The 2015 Major League Baseball Draft has come and gone. Some players’ dreams have been fulfilled, potentially, while others have learned the reality of trying to go pro.
As is sometimes the case, the University of Maine had National Letter of Intent signees selected by big-league teams. Andrew Noviello of Bridgewater, Massachusetts, and Jeremy Pena of Providence, Rhode Island, both have important choices to make.
Noviello, who was ranked the top prospect in Massachusetts by one publication and No. 10 in New England in another, was expected to get drafted. The Red Sox took him in the 25th round, 741st overall.
Pena has the pedigree as he is the son of former major leaguer Geronimo Pena. He was a 39th-round selection of the Atlanta Braves, No. 1,170 overall.
It appears as though each player is prepared to take a different path toward reaching his dream of playing in the big leagues.
Noviello, a left-handed catcher, pitcher and infielder, has indicated that he intends to sign. After a successful high school career, he believes he is ready to start life as a pro ballplayer.
Even though he has plenty of time to prove himself and possibly work his way through the minors, he has his work cut out for him. Given the fact Boston picked 24 players ahead of Noviello and that another 740 prospects were chosen before him by all the teams, he would appear to have a difficult road.
He will receive a signing bonus of no more than $100,000, which is barely enough to pay for a decent college education these days. Against long odds, he will try to make the grade. More than likely, he will fall short and then be faced, sooner than later, with life after baseball.
Pena, who by all accounts has considerable potential to grow physically and improve, had no intention of signing for the $100,000 maximum that can be offered to prospects drafted after the 10th round.
Rather than try to cash in now and take his chances in the minors, he and his parents have adopted more of a long-term approach.
Pena plans to attend UMaine. He will receive some scholarship money, work at least three years toward a college degree and take the time to develop his skills. That added experience and having a degree within reach, will put him in a more advantageous position moving forward — whether he ever makes it as a professional player or not.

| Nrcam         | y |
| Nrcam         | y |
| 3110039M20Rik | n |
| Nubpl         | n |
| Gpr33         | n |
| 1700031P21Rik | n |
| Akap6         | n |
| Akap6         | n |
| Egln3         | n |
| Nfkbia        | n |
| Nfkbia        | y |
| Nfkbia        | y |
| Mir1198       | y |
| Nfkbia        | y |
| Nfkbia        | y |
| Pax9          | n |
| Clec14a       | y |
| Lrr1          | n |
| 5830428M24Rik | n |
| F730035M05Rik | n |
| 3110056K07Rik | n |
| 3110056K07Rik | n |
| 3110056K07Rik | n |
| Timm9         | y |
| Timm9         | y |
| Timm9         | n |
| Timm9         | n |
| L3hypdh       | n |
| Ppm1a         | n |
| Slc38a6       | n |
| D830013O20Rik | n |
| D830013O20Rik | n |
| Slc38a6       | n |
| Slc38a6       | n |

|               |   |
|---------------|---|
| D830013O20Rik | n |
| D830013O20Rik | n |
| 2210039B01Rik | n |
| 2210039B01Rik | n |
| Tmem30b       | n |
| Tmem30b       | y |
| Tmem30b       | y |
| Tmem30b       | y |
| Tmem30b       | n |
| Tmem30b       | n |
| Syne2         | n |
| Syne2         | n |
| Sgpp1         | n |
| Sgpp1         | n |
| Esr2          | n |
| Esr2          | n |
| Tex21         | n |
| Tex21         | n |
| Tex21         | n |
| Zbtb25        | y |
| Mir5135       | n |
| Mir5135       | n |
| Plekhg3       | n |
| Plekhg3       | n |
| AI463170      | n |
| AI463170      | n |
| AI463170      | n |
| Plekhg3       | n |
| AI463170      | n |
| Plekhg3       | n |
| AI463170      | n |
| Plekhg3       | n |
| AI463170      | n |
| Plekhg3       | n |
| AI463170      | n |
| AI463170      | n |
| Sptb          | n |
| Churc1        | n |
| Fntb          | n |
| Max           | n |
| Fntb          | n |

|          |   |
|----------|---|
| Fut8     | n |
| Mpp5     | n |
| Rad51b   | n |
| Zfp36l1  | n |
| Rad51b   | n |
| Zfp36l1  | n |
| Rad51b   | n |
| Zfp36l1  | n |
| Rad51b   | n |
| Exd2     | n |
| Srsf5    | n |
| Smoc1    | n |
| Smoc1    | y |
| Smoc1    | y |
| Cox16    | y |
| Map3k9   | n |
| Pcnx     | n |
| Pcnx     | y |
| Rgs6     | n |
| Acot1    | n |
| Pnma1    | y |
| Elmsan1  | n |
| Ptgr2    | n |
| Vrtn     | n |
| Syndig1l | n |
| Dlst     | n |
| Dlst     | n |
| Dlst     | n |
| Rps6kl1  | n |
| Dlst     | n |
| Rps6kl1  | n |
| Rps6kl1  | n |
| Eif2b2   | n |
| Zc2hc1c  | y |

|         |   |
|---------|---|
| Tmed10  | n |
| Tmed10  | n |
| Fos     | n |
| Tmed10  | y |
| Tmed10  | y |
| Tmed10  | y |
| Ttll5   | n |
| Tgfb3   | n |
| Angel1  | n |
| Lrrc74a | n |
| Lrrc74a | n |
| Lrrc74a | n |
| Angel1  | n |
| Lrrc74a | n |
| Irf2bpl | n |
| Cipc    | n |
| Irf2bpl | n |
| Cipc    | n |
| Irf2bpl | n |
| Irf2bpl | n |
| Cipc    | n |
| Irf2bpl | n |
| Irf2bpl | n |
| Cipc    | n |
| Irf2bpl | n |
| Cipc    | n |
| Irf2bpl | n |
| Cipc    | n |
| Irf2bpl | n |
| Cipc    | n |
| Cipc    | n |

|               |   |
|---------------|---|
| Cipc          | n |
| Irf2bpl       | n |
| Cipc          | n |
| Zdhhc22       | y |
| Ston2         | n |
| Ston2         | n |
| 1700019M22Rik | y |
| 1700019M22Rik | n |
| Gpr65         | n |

The problem is, high school-age players and their parents appear to become blinded by the attention from the media and praise from major league scouts. They see dollar signs and delude themselves into thinking they’ll be playing at Fenway Park within two or three years.
Sure, it happens. There are many success stories of players who sign out of high school and make it. Yet there are scores more whose careers come to quick, unceremonious endings.
Unless the signing bonus is going to be life-changing, there are many more reasons to choose a college education and three or four years playing experience over a contract.
For example, former Deering High School star Ryan Flaherty graduated and went on to play three years at Vanderbilt. When his time came, the 2008 first-round pick signed a $906,000 bonus with the Chicago Cubs and has since earned a spot with the Baltimore Orioles.
South Portland native Charlie Furbush, who transferred from Saint Joseph’s College in Standish to LSU, was a fourth-round pick of the Seattle Mariners in 2007. He signed for $153,000 and this year will earn $1.3 million with the big club.
They are huge exceptions among players from Maine and those headed to UMaine. Even most of the Black Bears’ top performers, who have logged three or four years in college, are drafted, sign and are soon out of baseball.
At present, first baseman Curt Smith (2008) is playing independent ball and pitcher Steve Perakslis (2012) is in Class AA, while infielders Mike Fransoso (2013) and Mike Connolly (2013) are playing in Single-A.
Everybody should pursue their dreams, but high school baseball players who sign out of high school are likely to have them shattered — and sooner than later.